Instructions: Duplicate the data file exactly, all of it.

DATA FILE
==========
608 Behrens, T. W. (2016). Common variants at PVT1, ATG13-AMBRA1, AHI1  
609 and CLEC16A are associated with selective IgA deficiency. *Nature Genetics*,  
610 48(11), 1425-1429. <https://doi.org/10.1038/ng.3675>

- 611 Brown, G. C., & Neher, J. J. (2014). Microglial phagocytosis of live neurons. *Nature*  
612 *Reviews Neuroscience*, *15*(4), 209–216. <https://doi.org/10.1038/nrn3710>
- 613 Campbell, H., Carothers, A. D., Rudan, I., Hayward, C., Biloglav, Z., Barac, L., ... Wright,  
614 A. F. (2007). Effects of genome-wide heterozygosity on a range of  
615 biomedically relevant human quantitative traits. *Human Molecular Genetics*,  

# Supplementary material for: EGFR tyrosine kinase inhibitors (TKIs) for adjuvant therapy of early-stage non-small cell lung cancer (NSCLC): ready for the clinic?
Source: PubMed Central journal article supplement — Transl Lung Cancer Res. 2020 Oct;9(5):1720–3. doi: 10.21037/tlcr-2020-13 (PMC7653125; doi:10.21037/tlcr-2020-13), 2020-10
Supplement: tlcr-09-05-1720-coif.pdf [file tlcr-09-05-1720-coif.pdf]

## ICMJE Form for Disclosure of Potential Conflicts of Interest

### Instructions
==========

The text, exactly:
608 Behrens, T. W. (2016). Common variants at PVT1, ATG13-AMBRA1, AHI1  
609 and CLEC16A are associated with selective IgA deficiency. *Nature Genetics*,  
610 48(11), 1425-1429. <https://doi.org/10.1038/ng.3675>

- 611 Brown, G. C., & Neher, J. J. (2014). Microglial phagocytosis of live neurons. *Nature*  
612 *Reviews Neuroscience*, *15*(4), 209–216. <https://doi.org/10.1038/nrn3710>
- 613 Campbell, H., Carothers, A. D., Rudan, I., Hayward, C., Biloglav, Z., Barac, L., ... Wright,  
614 A. F. (2007). Effects of genome-wide heterozygosity on a range of  
615 biomedically relevant human quantitative traits. *Human Molecular Genetics*,  

# Supplementary material for: EGFR tyrosine kinase inhibitors (TKIs) for adjuvant therapy of early-stage non-small cell lung cancer (NSCLC): ready for the clinic?
Source: PubMed Central journal article supplement — Transl Lung Cancer Res. 2020 Oct;9(5):1720–3. doi: 10.21037/tlcr-2020-13 (PMC7653125; doi:10.21037/tlcr-2020-13), 2020-10
Supplement: tlcr-09-05-1720-coif.pdf [file tlcr-09-05-1720-coif.pdf]

## ICMJE Form for Disclosure of Potential Conflicts of Interest

### Instructions